Corn prices shrugged off the worst US ethanol production data on record amid ideas that the decline in output of the biofuel may have reached a low, with prices also getting a boost from worsening South American weather.
US ethanol output slumped by 22,000 barrels a day to 770,000 barrels a day last week, the lowest figure since the Energy Information Administration began collecting data in 2010.
The decline follows a series of further capacity cuts by ethanol producers, with Valero on Tuesday saying it had idled three of its 10 plants in the last quarter of 2012, while Abengoa Bioenergy and Poet have over last week unveiled three temporary shutdowns between them.
On Tuesday, White Energy said that a Texas ethanol plant it shut on January 7 because of poor margins, squeezed by high corn prices, will remain closed until March, and potentially until the last quarter of 2013.
As a further sign of a slack ethanol market, US stocks of the biofuel rose 2.3% last week to 20.54m barrels, taking gains in 2013 nearly to 700,000 barrels.
However, the market's outlook may be less dismal than it appears, with industry losses waning after what Linn Group analyst Jerrod Kitt termed "the longest period of negative profitability in the history of the ethanol industry".
Benson Quinn Commodities analyst Brian Henry said that while ethanol maintained a large discount to gasoline, of more than $0.50 a gallon, "prices have been rising, as have those of distillers' grains," an important byproduct of corn ethanol manufacture used as animal feed.
These dynamics are "seeing production margins improve, which should be expected as capacity is declining".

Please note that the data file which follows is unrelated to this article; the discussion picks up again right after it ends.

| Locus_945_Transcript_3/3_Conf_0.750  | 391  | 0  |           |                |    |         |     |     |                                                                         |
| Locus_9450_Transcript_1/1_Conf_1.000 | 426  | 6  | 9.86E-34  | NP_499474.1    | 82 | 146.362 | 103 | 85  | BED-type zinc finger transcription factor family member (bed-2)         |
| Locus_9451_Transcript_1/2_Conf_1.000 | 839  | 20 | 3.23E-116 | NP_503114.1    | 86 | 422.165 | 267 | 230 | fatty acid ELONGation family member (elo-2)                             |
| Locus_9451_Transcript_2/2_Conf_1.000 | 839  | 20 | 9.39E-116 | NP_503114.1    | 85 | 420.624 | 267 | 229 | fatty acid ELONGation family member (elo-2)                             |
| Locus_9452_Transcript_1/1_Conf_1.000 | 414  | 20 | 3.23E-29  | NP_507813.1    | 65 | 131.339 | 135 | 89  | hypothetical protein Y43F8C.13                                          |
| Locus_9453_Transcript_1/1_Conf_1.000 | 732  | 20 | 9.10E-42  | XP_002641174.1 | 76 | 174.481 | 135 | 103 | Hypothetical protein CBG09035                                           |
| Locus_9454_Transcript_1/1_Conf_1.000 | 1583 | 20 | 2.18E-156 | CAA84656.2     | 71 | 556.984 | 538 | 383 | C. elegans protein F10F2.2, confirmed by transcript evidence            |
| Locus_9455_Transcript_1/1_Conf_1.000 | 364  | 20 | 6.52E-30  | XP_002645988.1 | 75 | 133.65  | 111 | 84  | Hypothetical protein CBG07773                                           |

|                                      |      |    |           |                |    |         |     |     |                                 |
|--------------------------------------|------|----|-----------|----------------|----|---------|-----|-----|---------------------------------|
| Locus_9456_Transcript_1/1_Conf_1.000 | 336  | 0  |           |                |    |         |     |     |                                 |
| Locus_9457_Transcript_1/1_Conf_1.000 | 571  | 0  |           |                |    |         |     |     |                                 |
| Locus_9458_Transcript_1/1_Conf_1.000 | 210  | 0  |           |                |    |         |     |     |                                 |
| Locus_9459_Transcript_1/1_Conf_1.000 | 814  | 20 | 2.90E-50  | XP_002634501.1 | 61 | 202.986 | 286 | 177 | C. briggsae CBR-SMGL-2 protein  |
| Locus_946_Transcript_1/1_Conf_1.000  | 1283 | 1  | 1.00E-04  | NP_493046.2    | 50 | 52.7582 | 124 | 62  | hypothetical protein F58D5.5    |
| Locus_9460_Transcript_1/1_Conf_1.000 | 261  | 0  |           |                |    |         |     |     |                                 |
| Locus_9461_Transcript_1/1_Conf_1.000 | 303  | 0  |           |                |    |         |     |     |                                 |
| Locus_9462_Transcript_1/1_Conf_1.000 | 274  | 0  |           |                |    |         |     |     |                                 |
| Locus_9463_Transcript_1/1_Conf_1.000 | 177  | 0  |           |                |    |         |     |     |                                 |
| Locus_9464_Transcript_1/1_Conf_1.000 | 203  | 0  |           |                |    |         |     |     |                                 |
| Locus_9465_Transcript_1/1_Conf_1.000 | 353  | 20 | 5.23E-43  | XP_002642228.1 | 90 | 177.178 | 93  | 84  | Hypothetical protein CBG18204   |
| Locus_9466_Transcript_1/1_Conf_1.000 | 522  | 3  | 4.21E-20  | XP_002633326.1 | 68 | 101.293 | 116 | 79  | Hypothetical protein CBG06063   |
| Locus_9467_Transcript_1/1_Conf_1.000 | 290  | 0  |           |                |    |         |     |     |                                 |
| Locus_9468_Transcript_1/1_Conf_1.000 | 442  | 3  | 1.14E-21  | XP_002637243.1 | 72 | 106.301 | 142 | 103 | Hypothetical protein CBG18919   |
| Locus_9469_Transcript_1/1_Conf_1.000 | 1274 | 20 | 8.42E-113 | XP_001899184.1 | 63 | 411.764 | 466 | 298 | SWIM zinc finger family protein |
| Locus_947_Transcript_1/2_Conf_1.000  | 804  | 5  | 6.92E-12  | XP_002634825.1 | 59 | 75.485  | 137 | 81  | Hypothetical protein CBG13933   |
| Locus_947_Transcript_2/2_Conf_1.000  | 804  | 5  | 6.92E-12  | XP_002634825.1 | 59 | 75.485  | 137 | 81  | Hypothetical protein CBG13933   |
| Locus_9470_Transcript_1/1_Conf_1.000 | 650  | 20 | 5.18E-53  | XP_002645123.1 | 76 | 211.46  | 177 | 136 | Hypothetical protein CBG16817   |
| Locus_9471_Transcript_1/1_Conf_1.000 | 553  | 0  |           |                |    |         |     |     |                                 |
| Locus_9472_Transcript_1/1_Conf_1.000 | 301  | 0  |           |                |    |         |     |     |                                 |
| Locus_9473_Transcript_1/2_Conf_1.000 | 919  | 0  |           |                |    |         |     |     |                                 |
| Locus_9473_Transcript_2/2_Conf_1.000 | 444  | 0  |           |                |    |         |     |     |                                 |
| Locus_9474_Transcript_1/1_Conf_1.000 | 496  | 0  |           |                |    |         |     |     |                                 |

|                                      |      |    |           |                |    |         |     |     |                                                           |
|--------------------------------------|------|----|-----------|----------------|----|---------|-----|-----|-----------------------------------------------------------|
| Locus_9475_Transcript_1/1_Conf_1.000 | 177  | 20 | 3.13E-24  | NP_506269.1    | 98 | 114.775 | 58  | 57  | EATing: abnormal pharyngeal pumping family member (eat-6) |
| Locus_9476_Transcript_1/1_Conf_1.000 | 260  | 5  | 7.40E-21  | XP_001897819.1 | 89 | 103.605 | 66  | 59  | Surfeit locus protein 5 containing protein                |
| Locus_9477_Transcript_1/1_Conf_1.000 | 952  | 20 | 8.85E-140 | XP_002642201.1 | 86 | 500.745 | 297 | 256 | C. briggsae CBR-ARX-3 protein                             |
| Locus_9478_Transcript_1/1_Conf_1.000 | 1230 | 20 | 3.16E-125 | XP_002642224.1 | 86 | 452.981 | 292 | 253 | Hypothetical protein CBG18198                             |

Mr Kitt said that ethanol plant profitability, as measured in Nebraska, had improved from the equivalent of $0.50 losses per bushel of corn close to breakeven, and producers "may be even a little bit profitable if they sell at the right opportunity".
The geography of ethanol manufacture is important, with plants close to main Corn Belt corn-growing states seen having an advantage in buying cheap raw material compared with sites in states, such as Texas, with small corn production, and competition with cattle ranchers for supplies of the grain.
Furthermore, it was getting more expensive for blenders to buy so-called Rins (renewable identification numbers), a paper proxy for ethanol, to meet targets for ethanol use, compared with using the physical biofuel itself.
Prices of Rins have soared to 33 cents a gallon, from 1 cent a gallon in mid-June, as buying compliance with the US mandate has become more attractive compared with physical blending.
"This has not yet fed through into the physical market, but we believe it will," Mr Kitt said, terming Rins supplies "undeniably tight", and comparing the cheapness of ethanol compared with gasoline to the high cost of Rins.
"When we look back in a few months time, I think we will identify around now as having been the bottom for ethanol production."
Corn prices also received support on Wednesday from a further deterioration in the South American weather outlook, where dryness in Argentina and southern Brazil is sparking concerns.
"The weather leans positive, with a drier tone to Argentina in the on-to-four day and 100-to-15 day forecasts prompting more analysts to trim Argentina corn and soybean production forecasts," Richard Feltes at broker RJ O'Brien said.
Lanworth on Wednesday reduced its estimate for Argentina corn output by 400,000 tonnes to 25.6m tonnes, although it offset this downgrade with a 300,000-tonne upgrade to 75.8m tonnes in its forecast for the Brazilian crop.
Chicago corn futures for March delivery closed 1.5% higher at $7.40 ¼ a bushel.